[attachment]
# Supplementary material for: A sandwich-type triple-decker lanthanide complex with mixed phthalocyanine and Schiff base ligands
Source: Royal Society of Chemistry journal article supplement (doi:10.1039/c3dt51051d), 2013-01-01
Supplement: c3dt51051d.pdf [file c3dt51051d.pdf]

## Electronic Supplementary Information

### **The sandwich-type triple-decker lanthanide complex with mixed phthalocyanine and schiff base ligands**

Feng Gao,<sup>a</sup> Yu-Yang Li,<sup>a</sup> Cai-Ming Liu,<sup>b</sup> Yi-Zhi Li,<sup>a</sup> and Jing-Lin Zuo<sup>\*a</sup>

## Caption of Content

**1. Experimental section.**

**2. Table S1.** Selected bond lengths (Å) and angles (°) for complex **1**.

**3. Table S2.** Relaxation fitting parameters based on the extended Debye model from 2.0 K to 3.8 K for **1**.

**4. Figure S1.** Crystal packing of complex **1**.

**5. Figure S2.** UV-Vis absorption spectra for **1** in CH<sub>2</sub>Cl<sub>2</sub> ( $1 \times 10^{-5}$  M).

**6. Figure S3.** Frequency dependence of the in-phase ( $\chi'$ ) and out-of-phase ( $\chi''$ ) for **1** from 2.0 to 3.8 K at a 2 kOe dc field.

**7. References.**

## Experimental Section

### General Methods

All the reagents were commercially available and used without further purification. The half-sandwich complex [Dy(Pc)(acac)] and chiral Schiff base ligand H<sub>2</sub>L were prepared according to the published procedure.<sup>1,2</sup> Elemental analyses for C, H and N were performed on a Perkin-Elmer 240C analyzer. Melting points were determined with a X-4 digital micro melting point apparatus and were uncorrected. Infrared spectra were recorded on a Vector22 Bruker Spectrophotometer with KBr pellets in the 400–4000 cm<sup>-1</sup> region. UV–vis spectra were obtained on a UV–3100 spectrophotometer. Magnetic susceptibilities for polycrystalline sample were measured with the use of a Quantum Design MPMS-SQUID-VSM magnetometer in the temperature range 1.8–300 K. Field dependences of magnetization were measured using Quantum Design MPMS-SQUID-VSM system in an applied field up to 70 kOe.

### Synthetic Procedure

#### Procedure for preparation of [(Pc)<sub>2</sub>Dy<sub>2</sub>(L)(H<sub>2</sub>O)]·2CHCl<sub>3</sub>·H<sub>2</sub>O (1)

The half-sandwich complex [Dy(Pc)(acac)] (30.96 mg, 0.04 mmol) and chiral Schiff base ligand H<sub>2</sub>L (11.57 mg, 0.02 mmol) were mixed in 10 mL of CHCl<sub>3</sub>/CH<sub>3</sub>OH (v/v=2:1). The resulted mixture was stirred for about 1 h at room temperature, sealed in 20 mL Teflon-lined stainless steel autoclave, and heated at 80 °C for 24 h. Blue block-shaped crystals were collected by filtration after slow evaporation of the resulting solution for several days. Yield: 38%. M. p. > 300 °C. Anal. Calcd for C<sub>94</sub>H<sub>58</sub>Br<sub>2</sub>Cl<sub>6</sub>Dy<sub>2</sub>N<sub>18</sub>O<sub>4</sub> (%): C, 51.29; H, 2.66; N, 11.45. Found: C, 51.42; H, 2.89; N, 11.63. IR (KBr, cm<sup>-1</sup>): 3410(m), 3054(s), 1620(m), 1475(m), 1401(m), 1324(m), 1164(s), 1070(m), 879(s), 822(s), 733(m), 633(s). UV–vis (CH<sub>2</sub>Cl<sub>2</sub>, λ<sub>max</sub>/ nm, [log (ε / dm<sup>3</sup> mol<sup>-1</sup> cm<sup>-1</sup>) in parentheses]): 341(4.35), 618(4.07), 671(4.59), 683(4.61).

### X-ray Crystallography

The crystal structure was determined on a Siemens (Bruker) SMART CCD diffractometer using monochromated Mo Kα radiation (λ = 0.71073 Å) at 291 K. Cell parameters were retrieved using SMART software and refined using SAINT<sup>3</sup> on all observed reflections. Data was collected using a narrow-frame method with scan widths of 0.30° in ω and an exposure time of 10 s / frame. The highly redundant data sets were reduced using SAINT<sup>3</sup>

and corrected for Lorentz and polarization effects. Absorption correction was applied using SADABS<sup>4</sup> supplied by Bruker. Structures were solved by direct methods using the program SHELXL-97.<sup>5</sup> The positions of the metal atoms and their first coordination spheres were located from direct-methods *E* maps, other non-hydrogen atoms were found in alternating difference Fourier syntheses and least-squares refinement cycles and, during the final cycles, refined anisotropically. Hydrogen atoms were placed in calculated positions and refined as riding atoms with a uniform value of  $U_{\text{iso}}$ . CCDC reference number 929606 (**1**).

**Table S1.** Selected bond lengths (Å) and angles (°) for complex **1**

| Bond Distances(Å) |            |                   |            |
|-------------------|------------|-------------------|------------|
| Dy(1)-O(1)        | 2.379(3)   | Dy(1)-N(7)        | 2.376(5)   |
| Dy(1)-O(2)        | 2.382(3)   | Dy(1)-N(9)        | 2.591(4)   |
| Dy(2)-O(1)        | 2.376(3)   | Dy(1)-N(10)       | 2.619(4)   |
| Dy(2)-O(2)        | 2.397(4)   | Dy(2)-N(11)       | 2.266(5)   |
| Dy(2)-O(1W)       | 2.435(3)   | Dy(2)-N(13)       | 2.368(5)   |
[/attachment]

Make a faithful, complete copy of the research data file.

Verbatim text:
# Supplementary material for: A sandwich-type triple-decker lanthanide complex with mixed phthalocyanine and Schiff base ligands
Source: Royal Society of Chemistry journal article supplement (doi:10.1039/c3dt51051d), 2013-01-01
Supplement: c3dt51051d.pdf [file c3dt51051d.pdf]

## Electronic Supplementary Information

### **The sandwich-type triple-decker lanthanide complex with mixed phthalocyanine and schiff base ligands**

Feng Gao,<sup>a</sup> Yu-Yang Li,<sup>a</sup> Cai-Ming Liu,<sup>b</sup> Yi-Zhi Li,<sup>a</sup> and Jing-Lin Zuo<sup>\*a</sup>

## Caption of Content

**1. Experimental section.**

**2. Table S1.** Selected bond lengths (Å) and angles (°) for complex **1**.

**3. Table S2.** Relaxation fitting parameters based on the extended Debye model from 2.0 K to 3.8 K for **1**.

**4. Figure S1.** Crystal packing of complex **1**.

**5. Figure S2.** UV-Vis absorption spectra for **1** in CH<sub>2</sub>Cl<sub>2</sub> ( $1 \times 10^{-5}$  M).

**6. Figure S3.** Frequency dependence of the in-phase ( $\chi'$ ) and out-of-phase ( $\chi''$ ) for **1** from 2.0 to 3.8 K at a 2 kOe dc field.

**7. References.**

## Experimental Section

### General Methods

All the reagents were commercially available and used without further purification. The half-sandwich complex [Dy(Pc)(acac)] and chiral Schiff base ligand H<sub>2</sub>L were prepared according to the published procedure.<sup>1,2</sup> Elemental analyses for C, H and N were performed on a Perkin-Elmer 240C analyzer. Melting points were determined with a X-4 digital micro melting point apparatus and were uncorrected. Infrared spectra were recorded on a Vector22 Bruker Spectrophotometer with KBr pellets in the 400–4000 cm<sup>-1</sup> region. UV–vis spectra were obtained on a UV–3100 spectrophotometer. Magnetic susceptibilities for polycrystalline sample were measured with the use of a Quantum Design MPMS-SQUID-VSM magnetometer in the temperature range 1.8–300 K. Field dependences of magnetization were measured using Quantum Design MPMS-SQUID-VSM system in an applied field up to 70 kOe.

### Synthetic Procedure

#### Procedure for preparation of [(Pc)<sub>2</sub>Dy<sub>2</sub>(L)(H<sub>2</sub>O)]·2CHCl<sub>3</sub>·H<sub>2</sub>O (1)

The half-sandwich complex [Dy(Pc)(acac)] (30.96 mg, 0.04 mmol) and chiral Schiff base ligand H<sub>2</sub>L (11.57 mg, 0.02 mmol) were mixed in 10 mL of CHCl<sub>3</sub>/CH<sub>3</sub>OH (v/v=2:1). The resulted mixture was stirred for about 1 h at room temperature, sealed in 20 mL Teflon-lined stainless steel autoclave, and heated at 80 °C for 24 h. Blue block-shaped crystals were collected by filtration after slow evaporation of the resulting solution for several days. Yield: 38%. M. p. > 300 °C. Anal. Calcd for C<sub>94</sub>H<sub>58</sub>Br<sub>2</sub>Cl<sub>6</sub>Dy<sub>2</sub>N<sub>18</sub>O<sub>4</sub> (%): C, 51.29; H, 2.66; N, 11.45. Found: C, 51.42; H, 2.89; N, 11.63. IR (KBr, cm<sup>-1</sup>): 3410(m), 3054(s), 1620(m), 1475(m), 1401(m), 1324(m), 1164(s), 1070(m), 879(s), 822(s), 733(m), 633(s). UV–vis (CH<sub>2</sub>Cl<sub>2</sub>, λ<sub>max</sub>/ nm, [log (ε / dm<sup>3</sup> mol<sup>-1</sup> cm<sup>-1</sup>) in parentheses]): 341(4.35), 618(4.07), 671(4.59), 683(4.61).

### X-ray Crystallography

The crystal structure was determined on a Siemens (Bruker) SMART CCD diffractometer using monochromated Mo Kα radiation (λ = 0.71073 Å) at 291 K. Cell parameters were retrieved using SMART software and refined using SAINT<sup>3</sup> on all observed reflections. Data was collected using a narrow-frame method with scan widths of 0.30° in ω and an exposure time of 10 s / frame. The highly redundant data sets were reduced using SAINT<sup>3</sup>

and corrected for Lorentz and polarization effects. Absorption correction was applied using SADABS<sup>4</sup> supplied by Bruker. Structures were solved by direct methods using the program SHELXL-97.<sup>5</sup> The positions of the metal atoms and their first coordination spheres were located from direct-methods *E* maps, other non-hydrogen atoms were found in alternating difference Fourier syntheses and least-squares refinement cycles and, during the final cycles, refined anisotropically. Hydrogen atoms were placed in calculated positions and refined as riding atoms with a uniform value of  $U_{\text{iso}}$ . CCDC reference number 929606 (**1**).

**Table S1.** Selected bond lengths (Å) and angles (°) for complex **1**

| Bond Distances(Å) |            |                   |            |
|-------------------|------------|-------------------|------------|
| Dy(1)-O(1)        | 2.379(3)   | Dy(1)-N(7)        | 2.376(5)   |
| Dy(1)-O(2)        | 2.382(3)   | Dy(1)-N(9)        | 2.591(4)   |
| Dy(2)-O(1)        | 2.376(3)   | Dy(1)-N(10)       | 2.619(4)   |
| Dy(2)-O(2)        | 2.397(4)   | Dy(2)-N(11)       | 2.266(5)   |
| Dy(2)-O(1W)       | 2.435(3)   | Dy(2)-N(13)       | 2.368(5)   |